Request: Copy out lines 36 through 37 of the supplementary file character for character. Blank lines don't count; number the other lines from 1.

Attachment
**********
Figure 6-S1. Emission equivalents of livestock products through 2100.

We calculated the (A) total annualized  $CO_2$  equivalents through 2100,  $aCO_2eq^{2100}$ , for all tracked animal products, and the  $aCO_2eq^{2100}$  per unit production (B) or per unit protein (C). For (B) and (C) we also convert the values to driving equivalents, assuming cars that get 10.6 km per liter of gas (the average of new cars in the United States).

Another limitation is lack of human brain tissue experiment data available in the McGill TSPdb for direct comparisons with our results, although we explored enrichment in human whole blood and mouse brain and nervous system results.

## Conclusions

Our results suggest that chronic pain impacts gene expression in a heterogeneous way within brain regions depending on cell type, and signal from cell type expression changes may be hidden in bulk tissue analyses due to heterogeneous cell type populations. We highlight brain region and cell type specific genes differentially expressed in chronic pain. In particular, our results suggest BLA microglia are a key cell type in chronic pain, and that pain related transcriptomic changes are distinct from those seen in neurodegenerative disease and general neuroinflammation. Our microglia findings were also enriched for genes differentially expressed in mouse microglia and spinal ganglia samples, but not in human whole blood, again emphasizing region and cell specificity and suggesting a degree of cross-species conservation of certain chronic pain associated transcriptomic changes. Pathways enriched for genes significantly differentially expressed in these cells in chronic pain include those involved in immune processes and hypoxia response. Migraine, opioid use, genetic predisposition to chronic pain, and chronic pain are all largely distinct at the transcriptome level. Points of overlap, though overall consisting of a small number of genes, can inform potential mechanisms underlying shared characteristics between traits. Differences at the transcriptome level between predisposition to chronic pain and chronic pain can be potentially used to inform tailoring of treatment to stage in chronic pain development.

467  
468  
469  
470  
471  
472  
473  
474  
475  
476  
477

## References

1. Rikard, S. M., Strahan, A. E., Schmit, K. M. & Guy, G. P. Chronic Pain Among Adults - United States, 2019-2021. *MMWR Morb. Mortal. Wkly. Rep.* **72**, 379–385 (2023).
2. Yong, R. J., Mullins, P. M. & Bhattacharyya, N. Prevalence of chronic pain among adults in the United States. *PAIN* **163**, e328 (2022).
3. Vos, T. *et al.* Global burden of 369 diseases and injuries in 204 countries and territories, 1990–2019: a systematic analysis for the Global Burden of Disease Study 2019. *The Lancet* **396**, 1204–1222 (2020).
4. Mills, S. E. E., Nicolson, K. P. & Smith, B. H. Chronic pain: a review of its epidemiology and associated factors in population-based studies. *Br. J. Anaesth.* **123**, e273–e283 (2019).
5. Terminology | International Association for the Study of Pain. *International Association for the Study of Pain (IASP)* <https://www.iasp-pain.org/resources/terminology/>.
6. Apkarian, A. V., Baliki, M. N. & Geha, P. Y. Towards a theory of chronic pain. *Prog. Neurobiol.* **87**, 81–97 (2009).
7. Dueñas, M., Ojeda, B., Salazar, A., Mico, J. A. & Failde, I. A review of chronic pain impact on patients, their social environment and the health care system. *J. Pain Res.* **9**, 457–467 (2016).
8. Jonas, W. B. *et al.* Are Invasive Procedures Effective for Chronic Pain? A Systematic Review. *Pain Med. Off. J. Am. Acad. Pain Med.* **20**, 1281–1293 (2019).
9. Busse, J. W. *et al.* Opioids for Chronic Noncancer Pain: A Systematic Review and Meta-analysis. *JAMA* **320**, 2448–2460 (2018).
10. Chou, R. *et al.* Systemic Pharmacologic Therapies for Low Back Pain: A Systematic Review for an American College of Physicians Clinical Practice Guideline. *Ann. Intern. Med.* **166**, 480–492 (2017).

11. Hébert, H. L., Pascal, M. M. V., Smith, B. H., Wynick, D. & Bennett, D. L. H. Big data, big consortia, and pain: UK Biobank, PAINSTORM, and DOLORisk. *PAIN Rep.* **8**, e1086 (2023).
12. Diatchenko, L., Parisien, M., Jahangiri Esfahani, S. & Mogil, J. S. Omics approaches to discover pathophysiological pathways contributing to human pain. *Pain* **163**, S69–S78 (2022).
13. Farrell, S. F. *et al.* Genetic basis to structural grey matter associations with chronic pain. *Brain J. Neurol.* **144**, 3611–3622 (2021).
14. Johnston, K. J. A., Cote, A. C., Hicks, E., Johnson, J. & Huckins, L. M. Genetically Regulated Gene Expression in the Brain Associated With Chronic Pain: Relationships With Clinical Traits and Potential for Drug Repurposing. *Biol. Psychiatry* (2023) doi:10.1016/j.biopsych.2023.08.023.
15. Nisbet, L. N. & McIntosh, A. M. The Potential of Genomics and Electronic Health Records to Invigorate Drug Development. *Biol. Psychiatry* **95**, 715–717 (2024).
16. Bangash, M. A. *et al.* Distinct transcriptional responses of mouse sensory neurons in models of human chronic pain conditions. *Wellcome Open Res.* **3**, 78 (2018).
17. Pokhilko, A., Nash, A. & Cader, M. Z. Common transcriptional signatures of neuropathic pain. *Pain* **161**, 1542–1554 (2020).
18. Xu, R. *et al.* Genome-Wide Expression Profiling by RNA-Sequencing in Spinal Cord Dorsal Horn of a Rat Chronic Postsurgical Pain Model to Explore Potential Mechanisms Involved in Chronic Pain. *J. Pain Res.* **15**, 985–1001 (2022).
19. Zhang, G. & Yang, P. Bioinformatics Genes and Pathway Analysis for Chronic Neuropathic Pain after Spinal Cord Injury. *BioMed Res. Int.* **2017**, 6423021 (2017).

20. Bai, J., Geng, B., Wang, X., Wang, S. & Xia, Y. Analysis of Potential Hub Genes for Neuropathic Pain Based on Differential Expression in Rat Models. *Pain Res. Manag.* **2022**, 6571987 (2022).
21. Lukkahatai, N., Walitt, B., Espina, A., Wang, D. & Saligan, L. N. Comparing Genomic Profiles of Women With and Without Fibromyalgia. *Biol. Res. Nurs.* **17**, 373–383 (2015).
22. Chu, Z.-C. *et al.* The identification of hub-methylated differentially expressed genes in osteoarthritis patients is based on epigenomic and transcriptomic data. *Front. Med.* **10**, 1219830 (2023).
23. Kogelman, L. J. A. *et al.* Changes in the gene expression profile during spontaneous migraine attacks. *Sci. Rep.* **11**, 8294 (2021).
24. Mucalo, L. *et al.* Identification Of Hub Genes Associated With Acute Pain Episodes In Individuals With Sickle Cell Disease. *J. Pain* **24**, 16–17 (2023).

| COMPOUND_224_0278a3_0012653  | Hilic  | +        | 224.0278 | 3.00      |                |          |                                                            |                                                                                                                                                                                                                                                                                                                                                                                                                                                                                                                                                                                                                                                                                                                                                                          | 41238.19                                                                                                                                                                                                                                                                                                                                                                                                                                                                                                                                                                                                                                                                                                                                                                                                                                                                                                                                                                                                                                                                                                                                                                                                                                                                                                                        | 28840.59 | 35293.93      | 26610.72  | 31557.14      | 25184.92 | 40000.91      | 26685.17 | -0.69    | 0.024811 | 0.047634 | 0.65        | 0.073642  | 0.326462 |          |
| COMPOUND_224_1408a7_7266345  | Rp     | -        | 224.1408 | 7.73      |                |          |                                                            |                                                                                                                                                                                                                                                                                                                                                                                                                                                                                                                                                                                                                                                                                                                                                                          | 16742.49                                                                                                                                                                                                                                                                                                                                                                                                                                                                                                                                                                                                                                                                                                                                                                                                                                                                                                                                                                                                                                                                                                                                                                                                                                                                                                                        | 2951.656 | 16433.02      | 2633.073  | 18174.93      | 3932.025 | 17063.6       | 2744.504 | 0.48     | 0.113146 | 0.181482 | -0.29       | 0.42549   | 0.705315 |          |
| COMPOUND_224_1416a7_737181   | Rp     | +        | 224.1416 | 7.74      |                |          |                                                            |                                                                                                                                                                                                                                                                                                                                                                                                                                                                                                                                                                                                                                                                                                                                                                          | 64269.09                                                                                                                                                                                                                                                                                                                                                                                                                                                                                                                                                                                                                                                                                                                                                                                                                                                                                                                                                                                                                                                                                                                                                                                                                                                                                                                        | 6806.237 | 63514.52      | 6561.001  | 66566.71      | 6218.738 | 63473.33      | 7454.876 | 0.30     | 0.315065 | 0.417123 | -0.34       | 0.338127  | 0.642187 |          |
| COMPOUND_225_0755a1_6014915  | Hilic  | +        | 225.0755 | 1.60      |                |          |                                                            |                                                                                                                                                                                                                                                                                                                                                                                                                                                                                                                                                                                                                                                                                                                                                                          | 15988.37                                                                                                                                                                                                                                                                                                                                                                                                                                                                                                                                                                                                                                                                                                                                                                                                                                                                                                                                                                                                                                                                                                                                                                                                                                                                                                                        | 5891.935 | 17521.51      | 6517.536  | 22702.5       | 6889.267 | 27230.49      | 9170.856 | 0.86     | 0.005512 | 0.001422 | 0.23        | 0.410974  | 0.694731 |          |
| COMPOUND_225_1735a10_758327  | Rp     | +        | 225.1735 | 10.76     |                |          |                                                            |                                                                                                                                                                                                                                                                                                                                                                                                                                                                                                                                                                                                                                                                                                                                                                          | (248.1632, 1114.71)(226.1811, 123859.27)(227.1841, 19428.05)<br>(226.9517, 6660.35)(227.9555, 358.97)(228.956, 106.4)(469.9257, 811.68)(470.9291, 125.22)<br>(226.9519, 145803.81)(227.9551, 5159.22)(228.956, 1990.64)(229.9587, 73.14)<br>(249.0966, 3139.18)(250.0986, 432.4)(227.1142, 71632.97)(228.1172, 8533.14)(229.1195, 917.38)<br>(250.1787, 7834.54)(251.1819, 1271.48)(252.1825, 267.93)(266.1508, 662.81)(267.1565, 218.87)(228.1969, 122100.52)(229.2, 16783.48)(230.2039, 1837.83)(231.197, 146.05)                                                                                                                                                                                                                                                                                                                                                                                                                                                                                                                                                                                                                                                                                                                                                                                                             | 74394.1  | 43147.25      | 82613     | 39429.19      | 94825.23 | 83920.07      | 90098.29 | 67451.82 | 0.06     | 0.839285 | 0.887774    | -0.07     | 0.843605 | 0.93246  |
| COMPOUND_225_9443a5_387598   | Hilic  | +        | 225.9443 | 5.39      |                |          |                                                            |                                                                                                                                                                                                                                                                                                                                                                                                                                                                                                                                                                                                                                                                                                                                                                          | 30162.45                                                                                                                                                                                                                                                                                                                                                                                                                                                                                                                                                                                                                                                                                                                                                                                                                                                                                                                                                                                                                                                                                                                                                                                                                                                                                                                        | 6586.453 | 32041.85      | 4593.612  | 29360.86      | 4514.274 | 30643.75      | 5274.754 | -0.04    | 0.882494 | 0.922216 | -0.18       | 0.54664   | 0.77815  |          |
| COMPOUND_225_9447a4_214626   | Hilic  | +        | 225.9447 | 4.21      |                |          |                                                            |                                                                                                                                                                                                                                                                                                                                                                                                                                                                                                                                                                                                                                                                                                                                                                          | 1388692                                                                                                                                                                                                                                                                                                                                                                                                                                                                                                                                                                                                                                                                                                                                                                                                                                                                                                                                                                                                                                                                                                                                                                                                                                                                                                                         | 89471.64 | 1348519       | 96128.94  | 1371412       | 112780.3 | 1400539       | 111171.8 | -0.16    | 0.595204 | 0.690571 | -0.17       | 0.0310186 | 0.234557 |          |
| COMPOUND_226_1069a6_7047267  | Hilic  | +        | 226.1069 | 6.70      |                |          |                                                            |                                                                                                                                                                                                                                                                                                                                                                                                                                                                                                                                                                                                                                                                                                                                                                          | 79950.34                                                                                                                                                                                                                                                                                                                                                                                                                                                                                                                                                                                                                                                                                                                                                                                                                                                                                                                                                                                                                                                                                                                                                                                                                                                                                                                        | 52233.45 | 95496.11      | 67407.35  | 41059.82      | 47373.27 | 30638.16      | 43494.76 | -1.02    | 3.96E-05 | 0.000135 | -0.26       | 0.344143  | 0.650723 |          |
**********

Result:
19. Zhang, G. & Yang, P. Bioinformatics Genes and Pathway Analysis for Chronic Neuropathic Pain after Spinal Cord Injury. *BioMed Res. Int.* **2017**, 6423021 (2017).

20. Bai, J., Geng, B., Wang, X., Wang, S. & Xia, Y. Analysis of Potential Hub Genes for Neuropathic Pain Based on Differential Expression in Rat Models. *Pain Res. Manag.* **2022**, 6571987 (2022).